In mid-2001, the skies opened up, unleashing a deluge of rain on the southern half of the Indian state of Kerala. But this was no ordinary rain. This was “blood rain,” a strange phenomenon where ordinary raindrops appear red in color. What caused the red rain? Something from this earth? Or did it come from somewhere else?
On July 25, 2001, the sky over Kerala erupted. Thunder roared. Light flashed. Then, strange red rain began to fall. Although the majority of these raindrops were red, other colors were also reported, including yellow, green, and black. Over the next two months, the blood rain made sporadic appearances, leaving a trail of shriveled leaves in its wake. Finally, on September 23, the last drop of red rain fell, marking the end of the unsettling storm.
While certainly rare, Kerala’s red rain was not unique. Ancient texts describe similar events throughout known history. For example, Homer’s Iliad states that Zeus caused blood to rain from the sky on two separate occasions. In 582 AD, Gregory of Tours reported on a rain of blood that caused Paris citizens to frantically disrobe themselves. And there were reports of blood rainstorms prior to the arrival of the Black Death. As some of you know, I tend to think that the Black Death was caused by a comet, the significance of which you will see shortly.
Where did the Red Rain Originate?
Numerous groups of researchers studied the physical evidence from Kerala. They quickly discovered that solid particles within the raindrops provided the reddish hue. These particles consisted of several elements, including carbon, oxygen, hydrogen, nitrogen, silicon, chlorine, as well as various metals. But where did they come from? Various theories have been put forth to explain Kerala’s blood rain. They include:
- Spores of Lichen: The Centre for Earth Science Studies (CESS) believes that the particles within the rain consist of lichen spores. Supposedly, heavy rains caused increased growth of the lichens. These lichens released their spores simultaneously, leading to a large build-up in the atmosphere. However, even the CESS indicated that this was a highly improbable scenario and furthermore, did not explain the widespread nature of the rain or how the spores got into the clouds in the first place.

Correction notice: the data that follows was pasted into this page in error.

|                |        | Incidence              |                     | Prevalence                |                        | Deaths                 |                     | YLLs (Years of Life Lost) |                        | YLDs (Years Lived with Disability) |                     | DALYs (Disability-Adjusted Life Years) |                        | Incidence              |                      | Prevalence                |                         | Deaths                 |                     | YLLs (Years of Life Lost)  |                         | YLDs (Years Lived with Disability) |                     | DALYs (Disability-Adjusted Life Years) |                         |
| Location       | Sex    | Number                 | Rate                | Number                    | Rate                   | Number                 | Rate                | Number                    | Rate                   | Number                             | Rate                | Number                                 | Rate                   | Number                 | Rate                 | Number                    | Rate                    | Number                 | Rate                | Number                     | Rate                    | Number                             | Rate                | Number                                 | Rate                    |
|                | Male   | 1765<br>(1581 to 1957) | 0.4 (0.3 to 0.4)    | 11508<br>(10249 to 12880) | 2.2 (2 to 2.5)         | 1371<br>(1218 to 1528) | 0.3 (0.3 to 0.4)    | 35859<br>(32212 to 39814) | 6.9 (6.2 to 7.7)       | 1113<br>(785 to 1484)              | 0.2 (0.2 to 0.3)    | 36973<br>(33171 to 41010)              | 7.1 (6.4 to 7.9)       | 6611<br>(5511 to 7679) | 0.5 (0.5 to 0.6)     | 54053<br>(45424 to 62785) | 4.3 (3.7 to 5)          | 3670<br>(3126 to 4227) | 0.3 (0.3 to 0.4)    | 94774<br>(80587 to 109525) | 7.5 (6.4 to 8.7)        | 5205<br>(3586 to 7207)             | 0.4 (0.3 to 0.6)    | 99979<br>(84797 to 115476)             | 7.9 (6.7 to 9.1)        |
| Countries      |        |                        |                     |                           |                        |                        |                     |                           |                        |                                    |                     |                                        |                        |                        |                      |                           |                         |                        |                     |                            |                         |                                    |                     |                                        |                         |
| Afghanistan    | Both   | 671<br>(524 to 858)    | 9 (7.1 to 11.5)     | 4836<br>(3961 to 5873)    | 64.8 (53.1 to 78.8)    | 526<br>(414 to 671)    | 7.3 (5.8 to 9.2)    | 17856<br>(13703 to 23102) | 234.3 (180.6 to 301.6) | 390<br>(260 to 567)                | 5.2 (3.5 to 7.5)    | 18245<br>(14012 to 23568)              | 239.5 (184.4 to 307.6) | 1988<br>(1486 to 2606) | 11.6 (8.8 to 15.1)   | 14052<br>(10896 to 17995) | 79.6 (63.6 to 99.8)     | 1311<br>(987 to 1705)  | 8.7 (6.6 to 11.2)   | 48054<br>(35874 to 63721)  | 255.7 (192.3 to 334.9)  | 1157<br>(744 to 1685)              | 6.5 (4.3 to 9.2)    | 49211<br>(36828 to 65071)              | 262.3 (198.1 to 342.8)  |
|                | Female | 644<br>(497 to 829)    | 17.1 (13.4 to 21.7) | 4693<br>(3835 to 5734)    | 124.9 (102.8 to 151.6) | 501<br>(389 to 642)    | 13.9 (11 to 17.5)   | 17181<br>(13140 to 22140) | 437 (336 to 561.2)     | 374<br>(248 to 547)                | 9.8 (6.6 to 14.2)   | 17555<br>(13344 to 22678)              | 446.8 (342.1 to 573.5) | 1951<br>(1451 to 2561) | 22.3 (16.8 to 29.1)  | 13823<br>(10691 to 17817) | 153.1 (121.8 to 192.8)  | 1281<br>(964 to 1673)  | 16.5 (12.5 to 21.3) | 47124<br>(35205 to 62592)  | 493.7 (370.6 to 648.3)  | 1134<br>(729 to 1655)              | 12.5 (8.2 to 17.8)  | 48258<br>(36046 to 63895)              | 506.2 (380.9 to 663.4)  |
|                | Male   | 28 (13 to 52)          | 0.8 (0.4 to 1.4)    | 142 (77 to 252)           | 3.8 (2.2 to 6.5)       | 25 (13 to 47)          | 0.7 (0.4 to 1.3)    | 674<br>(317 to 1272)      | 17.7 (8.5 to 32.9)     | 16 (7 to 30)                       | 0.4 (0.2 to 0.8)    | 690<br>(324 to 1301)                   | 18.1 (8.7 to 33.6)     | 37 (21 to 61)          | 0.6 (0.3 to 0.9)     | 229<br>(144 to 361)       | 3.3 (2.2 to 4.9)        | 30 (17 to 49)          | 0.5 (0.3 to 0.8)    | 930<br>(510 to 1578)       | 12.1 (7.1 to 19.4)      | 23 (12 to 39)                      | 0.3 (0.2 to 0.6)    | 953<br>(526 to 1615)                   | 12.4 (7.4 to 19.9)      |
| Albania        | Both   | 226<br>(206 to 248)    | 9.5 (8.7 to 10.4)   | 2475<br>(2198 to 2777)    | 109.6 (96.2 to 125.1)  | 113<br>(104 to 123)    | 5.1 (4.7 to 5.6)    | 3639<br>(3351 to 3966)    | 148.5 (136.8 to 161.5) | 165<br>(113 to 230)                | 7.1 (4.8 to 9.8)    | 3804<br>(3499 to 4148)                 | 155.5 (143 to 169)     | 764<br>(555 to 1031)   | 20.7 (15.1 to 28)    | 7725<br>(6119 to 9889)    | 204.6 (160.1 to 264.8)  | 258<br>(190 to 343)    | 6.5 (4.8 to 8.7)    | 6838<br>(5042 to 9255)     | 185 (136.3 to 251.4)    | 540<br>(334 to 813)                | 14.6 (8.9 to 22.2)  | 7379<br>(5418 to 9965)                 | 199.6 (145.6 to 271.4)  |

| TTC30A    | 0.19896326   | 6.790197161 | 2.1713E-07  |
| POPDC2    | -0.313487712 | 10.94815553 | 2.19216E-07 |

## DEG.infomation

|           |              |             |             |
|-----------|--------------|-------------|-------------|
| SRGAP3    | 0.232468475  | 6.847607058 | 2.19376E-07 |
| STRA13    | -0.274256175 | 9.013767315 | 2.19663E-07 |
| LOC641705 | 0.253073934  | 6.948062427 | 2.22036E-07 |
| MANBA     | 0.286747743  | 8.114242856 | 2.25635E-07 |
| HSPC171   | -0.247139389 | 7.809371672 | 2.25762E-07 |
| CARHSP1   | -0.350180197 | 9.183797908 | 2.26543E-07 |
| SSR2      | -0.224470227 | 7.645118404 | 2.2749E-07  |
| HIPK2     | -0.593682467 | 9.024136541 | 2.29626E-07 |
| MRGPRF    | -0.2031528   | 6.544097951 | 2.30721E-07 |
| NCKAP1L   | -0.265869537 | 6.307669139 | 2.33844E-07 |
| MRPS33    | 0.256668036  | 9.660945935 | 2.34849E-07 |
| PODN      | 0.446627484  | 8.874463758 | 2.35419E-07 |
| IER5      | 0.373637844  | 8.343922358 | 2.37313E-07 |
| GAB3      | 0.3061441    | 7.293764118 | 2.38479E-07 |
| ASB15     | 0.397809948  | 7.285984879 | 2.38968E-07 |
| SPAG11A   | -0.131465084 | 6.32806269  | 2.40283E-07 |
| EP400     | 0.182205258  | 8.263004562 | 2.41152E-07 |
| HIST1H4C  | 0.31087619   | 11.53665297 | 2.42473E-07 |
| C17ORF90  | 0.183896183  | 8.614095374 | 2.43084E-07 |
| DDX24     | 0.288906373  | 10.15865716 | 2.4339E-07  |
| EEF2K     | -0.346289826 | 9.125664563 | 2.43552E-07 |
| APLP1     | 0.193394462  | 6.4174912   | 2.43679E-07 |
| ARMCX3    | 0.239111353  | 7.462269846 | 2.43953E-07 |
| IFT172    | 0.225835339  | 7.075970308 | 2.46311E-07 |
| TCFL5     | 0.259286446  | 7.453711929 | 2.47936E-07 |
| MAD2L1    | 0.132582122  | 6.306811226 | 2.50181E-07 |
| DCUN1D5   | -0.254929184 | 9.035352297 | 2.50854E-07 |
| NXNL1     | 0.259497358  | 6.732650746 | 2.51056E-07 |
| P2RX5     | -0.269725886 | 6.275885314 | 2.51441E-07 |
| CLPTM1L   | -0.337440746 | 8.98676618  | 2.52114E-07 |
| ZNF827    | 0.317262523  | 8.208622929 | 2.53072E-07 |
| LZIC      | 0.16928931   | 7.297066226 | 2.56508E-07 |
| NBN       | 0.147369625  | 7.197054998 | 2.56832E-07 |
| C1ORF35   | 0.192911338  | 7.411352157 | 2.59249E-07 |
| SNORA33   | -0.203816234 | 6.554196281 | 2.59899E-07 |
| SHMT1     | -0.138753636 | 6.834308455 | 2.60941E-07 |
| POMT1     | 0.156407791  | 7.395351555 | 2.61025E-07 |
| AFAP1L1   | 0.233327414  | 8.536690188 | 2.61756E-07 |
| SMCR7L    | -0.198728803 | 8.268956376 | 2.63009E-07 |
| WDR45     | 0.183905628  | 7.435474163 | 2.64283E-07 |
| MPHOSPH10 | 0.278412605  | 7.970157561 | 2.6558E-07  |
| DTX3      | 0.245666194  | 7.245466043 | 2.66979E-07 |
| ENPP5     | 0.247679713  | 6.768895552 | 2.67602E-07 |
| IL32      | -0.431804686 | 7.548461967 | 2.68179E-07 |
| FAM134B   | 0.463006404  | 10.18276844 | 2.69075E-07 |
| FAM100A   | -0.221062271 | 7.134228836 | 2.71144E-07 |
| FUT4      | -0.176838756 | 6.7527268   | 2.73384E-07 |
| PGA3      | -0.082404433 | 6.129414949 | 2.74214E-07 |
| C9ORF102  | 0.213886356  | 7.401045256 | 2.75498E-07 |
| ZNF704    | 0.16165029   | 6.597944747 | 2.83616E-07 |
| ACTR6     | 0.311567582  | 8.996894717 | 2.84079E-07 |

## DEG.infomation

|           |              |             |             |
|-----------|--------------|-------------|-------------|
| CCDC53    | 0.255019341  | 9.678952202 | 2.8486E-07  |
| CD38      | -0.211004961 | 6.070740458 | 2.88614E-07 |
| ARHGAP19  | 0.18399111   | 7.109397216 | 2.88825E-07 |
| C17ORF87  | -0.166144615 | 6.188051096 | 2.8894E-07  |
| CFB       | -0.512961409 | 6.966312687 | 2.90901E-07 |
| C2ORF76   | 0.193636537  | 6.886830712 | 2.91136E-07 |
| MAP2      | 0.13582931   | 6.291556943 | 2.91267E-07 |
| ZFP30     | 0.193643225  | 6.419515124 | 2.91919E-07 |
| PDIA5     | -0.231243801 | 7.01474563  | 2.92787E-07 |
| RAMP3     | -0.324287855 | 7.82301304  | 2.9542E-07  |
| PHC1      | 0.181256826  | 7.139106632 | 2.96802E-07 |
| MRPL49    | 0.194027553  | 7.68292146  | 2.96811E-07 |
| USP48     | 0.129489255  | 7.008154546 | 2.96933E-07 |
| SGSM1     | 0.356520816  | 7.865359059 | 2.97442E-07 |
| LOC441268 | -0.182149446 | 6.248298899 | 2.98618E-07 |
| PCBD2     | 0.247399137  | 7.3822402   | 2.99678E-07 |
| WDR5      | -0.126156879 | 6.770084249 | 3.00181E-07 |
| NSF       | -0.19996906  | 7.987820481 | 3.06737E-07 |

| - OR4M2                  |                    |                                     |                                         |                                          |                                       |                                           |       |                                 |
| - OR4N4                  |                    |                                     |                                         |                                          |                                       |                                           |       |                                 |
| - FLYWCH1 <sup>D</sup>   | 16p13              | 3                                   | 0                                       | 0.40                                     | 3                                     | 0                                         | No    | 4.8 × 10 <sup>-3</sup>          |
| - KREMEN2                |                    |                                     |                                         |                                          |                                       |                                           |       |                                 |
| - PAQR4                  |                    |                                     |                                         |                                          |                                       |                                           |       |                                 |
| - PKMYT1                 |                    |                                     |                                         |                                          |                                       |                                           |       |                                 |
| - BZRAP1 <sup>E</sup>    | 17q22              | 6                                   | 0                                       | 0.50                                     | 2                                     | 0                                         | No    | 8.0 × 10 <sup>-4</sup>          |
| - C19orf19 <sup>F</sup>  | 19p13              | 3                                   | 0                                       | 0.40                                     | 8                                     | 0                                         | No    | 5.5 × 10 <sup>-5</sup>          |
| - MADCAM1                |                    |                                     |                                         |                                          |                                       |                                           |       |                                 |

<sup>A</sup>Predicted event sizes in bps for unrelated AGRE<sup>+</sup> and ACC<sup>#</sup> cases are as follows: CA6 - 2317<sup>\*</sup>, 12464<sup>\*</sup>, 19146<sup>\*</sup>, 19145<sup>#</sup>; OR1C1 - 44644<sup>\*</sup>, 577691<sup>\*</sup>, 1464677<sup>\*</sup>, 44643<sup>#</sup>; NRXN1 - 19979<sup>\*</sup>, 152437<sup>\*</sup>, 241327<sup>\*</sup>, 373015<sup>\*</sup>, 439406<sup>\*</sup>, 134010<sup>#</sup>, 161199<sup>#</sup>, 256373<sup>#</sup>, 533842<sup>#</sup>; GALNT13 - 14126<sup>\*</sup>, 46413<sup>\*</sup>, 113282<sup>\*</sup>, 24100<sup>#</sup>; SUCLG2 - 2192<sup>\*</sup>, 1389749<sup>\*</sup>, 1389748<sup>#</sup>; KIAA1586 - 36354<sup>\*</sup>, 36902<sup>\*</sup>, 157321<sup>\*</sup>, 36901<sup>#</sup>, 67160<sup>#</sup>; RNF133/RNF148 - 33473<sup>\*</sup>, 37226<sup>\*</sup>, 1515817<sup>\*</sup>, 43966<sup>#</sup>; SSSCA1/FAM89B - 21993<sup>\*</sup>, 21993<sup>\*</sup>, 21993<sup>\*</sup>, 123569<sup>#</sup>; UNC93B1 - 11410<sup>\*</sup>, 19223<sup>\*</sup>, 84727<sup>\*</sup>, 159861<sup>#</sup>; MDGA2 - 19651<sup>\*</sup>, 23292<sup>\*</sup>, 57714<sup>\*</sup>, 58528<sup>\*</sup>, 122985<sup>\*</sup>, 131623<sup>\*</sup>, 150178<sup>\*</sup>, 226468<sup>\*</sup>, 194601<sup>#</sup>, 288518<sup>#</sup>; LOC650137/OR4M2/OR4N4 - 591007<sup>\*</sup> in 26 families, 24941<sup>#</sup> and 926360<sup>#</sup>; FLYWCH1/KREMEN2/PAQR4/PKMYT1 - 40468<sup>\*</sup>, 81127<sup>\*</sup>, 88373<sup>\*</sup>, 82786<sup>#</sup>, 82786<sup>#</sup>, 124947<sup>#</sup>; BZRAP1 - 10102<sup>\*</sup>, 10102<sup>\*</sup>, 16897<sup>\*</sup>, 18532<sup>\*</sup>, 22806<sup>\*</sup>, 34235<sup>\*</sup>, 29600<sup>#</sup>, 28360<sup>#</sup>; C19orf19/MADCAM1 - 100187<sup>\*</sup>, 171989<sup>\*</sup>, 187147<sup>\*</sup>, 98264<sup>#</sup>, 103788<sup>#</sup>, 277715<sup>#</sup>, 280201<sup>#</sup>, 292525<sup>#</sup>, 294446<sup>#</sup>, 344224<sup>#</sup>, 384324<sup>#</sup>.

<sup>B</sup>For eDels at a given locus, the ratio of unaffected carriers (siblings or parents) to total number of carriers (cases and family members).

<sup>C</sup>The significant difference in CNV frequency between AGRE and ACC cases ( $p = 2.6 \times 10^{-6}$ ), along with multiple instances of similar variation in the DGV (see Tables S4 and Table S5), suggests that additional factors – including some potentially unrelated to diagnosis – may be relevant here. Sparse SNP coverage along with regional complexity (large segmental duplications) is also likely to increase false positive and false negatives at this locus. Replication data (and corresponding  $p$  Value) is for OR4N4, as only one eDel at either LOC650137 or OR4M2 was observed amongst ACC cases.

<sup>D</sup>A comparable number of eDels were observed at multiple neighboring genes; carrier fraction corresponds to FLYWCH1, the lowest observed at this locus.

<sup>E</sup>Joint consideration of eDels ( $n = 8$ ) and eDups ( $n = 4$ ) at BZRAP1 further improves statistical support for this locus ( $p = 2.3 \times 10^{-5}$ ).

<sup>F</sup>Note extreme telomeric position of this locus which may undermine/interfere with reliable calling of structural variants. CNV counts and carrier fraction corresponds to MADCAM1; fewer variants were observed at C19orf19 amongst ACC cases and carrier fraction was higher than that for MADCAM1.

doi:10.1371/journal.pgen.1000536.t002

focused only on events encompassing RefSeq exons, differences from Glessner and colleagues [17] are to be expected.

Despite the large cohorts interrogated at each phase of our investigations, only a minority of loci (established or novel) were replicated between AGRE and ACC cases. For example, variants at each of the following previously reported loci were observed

- Transplanted Sand: In 1903, dust from the Sahara desert was sucked into the sky and deposited onto England during a series of rainstorms. Some researchers initially believed that Kerala’s red rain arose via similar means, with dust coming from the Arabian deserts. However, lab tests ultimately debunked this theory.
- Volcanic Eruption: One scientist suggested that the eruption of Mayon Volcano in the Philippines caused dust and other materials to enter the air. Jet streams proceeded to propel these particles to Kerala where they fell to the earth via rainstorms. However, this theory was also discarded due to the fact that the particles consisted of spores rather than dust.
- Outer Space: Many incidences of red rain throughout history can be tied to meteors or comets. In the case of Kerala, two physicists, Godfrey Louis and Santhosh Kumar, suggested that a meteor exploded over Kerala. Then, material mixed with the clouds and slowly drifted to the ground as rain over the next two months. While they conceded that the red rain contained biological matter, they proposed that this matter came from outer space, in line with the panspermia hypothesis. This conclusion, of course, is highly controversial.
No one seems to dispute the fact that the raindrop material was at least similar in shape and form to lichen spores. And yet, the mechanism by which those spores could’ve reached the atmosphere and stayed in the same area for over two months remains unknown.
Guerrilla Explorer’s Analysis
Personally, I find the outer space theory particularly interesting. The disintegration of a meteor or comet would help explain the crashing sound and flashing light that preceded the blood rain. In addition, the idea that organic material can survive the extreme conditions of outer space is not as far-fetched as it first appears. In August 2009, NASA discovered glycine in Comet Wild-2. This represented the first time a chemical building block for life was discovered in outer space.
The source of Kerala’s mysterious blood rain continues to elude the world’s finest minds. However, the recent research, coupled with the NASA discovery, indicates that we might be closing in on an answer. Perhaps Kerala’s blood rain was nothing more than a freak infusion of localized lichen spores into the sky. On the other hand, maybe the rain came from somewhere else…somewhere beyond this world.